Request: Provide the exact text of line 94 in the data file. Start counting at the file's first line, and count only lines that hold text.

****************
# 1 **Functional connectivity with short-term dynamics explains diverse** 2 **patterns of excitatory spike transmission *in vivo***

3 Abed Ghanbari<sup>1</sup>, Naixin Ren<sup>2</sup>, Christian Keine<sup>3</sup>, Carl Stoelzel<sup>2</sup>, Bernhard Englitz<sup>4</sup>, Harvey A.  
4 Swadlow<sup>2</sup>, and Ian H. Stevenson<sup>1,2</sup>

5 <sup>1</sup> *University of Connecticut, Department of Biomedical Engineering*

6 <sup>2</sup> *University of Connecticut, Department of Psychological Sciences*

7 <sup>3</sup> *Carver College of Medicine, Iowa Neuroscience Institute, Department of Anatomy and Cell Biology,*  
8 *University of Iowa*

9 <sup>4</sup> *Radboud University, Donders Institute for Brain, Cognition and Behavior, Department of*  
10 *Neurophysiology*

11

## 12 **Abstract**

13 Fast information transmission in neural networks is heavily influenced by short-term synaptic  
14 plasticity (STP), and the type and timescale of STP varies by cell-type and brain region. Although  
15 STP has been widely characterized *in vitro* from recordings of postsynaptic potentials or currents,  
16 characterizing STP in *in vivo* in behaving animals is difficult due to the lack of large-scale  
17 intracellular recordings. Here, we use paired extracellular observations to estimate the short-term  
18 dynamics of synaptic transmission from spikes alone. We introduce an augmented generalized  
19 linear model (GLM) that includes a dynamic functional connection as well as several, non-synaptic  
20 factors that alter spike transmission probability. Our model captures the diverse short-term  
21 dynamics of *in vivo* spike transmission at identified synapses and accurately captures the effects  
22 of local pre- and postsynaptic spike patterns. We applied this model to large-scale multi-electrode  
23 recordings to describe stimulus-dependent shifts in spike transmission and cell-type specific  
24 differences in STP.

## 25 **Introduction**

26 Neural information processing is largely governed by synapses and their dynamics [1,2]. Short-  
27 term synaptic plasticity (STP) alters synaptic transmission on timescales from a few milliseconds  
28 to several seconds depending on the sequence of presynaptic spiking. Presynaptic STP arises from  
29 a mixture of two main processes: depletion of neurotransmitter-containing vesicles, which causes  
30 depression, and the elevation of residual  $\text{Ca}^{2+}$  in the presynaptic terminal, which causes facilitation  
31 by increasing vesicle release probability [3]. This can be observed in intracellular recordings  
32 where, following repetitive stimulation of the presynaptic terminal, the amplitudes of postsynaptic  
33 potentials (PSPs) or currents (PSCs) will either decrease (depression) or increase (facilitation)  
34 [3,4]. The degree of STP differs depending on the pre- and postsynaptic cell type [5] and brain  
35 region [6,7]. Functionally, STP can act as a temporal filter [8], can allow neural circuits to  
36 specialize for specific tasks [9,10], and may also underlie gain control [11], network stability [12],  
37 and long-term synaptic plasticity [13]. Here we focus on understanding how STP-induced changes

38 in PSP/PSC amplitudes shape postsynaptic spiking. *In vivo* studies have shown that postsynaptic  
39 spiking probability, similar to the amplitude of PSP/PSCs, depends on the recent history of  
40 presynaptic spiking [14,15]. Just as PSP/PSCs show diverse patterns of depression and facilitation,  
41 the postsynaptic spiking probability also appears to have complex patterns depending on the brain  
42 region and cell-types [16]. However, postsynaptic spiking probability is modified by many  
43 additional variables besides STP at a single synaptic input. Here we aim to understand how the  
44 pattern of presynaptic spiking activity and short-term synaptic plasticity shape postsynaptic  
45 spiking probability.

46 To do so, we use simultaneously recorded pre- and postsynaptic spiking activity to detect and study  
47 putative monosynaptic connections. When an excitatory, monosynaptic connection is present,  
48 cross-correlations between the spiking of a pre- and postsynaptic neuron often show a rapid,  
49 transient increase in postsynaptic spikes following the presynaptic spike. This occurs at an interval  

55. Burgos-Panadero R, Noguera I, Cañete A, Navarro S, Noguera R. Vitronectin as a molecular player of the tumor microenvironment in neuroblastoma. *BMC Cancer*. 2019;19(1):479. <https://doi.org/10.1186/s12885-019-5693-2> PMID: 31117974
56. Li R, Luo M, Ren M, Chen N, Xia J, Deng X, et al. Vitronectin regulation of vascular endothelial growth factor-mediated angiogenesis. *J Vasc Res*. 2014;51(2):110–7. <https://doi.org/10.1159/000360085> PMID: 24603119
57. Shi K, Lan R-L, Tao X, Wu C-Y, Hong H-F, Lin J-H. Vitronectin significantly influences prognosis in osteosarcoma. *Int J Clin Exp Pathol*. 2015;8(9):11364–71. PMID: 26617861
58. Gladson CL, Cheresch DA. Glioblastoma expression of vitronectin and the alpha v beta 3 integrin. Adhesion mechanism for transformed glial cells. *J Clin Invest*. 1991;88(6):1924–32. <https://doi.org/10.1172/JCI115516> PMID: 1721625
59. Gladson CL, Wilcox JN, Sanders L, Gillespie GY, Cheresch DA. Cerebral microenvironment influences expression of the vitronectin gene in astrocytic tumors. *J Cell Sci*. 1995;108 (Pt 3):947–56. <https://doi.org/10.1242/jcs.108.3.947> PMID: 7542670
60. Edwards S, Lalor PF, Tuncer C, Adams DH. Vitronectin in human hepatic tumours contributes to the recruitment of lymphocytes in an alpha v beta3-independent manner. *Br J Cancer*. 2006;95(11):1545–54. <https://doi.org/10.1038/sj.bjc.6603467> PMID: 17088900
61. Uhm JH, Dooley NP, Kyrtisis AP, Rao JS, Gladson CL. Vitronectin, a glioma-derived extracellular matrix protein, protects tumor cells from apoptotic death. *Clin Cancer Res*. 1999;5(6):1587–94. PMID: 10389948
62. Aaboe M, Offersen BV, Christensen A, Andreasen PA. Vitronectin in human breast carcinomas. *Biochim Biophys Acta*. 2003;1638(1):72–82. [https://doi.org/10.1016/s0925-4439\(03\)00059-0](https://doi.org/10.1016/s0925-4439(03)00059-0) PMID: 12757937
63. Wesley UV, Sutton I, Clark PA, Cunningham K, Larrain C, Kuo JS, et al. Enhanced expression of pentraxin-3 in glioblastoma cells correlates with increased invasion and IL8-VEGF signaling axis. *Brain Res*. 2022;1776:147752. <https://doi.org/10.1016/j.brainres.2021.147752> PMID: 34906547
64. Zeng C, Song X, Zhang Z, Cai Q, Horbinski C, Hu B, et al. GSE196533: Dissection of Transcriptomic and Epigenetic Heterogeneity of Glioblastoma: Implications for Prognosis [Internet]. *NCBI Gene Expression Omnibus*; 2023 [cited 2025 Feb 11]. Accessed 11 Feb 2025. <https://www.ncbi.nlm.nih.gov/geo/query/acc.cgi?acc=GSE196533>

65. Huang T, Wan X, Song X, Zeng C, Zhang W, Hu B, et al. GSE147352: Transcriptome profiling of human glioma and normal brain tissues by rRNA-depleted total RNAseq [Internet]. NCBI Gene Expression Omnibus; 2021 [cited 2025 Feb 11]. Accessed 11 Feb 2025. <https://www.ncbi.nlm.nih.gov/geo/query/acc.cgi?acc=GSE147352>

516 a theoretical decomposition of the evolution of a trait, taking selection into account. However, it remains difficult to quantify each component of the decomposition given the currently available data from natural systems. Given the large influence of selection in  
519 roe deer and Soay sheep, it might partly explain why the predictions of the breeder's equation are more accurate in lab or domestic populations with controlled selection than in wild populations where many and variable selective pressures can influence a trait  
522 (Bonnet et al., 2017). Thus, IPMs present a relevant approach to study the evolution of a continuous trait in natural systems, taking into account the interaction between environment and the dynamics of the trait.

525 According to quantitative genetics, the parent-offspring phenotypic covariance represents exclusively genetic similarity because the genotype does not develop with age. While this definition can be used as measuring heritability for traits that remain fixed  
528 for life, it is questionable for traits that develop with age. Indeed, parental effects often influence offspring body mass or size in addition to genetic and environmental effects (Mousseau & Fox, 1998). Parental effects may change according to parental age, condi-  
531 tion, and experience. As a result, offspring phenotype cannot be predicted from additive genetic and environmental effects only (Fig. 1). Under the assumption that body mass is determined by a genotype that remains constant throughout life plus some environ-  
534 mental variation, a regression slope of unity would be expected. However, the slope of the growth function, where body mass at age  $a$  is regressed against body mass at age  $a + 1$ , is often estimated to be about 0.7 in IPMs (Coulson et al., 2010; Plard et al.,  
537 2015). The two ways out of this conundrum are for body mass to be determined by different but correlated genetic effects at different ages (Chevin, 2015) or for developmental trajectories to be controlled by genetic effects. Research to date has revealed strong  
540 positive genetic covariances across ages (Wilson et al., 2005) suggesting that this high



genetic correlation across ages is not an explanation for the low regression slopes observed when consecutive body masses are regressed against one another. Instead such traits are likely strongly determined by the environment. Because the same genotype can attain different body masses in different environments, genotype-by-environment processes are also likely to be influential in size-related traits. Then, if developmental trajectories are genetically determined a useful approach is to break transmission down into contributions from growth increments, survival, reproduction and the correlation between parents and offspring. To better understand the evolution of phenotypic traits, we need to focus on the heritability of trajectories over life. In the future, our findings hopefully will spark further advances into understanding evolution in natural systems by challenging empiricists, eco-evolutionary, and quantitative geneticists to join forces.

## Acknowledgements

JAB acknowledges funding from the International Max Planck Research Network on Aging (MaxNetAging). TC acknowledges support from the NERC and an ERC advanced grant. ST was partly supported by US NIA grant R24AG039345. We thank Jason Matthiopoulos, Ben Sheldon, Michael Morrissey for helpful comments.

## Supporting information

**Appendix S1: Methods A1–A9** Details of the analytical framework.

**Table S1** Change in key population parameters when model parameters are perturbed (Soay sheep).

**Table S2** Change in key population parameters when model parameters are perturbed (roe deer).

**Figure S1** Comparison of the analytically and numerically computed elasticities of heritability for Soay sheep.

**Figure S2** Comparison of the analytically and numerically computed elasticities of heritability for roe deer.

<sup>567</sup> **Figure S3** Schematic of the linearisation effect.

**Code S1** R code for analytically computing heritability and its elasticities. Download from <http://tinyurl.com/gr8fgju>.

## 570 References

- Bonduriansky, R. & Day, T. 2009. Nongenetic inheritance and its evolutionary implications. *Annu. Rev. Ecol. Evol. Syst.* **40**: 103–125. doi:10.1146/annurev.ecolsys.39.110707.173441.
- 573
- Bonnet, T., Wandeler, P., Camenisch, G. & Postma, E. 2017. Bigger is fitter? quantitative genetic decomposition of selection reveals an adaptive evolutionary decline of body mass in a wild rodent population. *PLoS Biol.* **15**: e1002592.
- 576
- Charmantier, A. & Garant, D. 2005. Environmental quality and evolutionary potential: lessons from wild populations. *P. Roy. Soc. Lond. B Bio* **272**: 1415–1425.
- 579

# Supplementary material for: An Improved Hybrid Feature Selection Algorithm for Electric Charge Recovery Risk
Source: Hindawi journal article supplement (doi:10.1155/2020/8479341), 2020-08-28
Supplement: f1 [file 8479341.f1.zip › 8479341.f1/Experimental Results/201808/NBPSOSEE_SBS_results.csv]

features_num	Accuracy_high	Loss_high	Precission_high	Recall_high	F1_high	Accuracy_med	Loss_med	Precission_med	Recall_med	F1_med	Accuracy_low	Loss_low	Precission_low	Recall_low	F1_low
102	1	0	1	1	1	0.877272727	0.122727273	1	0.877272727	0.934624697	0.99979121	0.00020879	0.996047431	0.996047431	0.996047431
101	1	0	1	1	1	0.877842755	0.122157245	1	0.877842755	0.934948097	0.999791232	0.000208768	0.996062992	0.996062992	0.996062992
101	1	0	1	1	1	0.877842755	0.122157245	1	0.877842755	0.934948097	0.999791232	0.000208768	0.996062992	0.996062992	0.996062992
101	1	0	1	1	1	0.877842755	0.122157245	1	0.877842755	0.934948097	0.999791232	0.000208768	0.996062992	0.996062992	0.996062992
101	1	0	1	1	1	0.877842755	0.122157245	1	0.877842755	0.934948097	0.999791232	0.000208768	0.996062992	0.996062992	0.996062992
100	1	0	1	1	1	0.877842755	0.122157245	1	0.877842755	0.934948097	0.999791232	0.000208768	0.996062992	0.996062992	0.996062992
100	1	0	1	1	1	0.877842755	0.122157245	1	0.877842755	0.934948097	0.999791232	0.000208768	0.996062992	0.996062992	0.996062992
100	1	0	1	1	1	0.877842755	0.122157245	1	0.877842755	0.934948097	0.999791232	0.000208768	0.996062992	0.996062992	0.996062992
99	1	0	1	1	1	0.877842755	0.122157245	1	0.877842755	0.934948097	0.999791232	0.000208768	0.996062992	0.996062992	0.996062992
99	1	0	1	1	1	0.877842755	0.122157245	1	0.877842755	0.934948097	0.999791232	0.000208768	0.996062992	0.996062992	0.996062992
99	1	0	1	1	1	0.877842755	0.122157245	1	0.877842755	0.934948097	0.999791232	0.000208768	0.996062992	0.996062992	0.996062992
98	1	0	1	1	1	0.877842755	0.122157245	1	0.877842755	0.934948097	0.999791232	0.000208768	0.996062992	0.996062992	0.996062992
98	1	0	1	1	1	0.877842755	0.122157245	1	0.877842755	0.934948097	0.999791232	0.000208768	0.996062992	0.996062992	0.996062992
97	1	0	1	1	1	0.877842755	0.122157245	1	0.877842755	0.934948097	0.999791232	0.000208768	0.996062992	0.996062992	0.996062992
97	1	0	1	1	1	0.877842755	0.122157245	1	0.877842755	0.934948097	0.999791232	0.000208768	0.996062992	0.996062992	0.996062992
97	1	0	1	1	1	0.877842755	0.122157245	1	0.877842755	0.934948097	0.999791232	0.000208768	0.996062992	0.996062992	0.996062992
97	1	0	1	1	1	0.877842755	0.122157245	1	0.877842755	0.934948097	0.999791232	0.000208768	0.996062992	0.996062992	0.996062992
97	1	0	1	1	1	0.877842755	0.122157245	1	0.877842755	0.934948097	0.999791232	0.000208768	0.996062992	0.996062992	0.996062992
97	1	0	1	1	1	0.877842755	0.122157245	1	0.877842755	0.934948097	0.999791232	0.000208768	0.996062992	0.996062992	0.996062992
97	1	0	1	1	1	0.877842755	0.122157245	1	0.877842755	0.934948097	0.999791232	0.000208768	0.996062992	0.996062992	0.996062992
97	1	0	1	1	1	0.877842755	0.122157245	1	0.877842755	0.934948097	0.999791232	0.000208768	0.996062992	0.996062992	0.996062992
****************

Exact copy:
101	1	0	1	1	1	0.877842755	0.122157245	1	0.877842755	0.934948097	0.999791232	0.000208768	0.996062992	0.996062992	0.996062992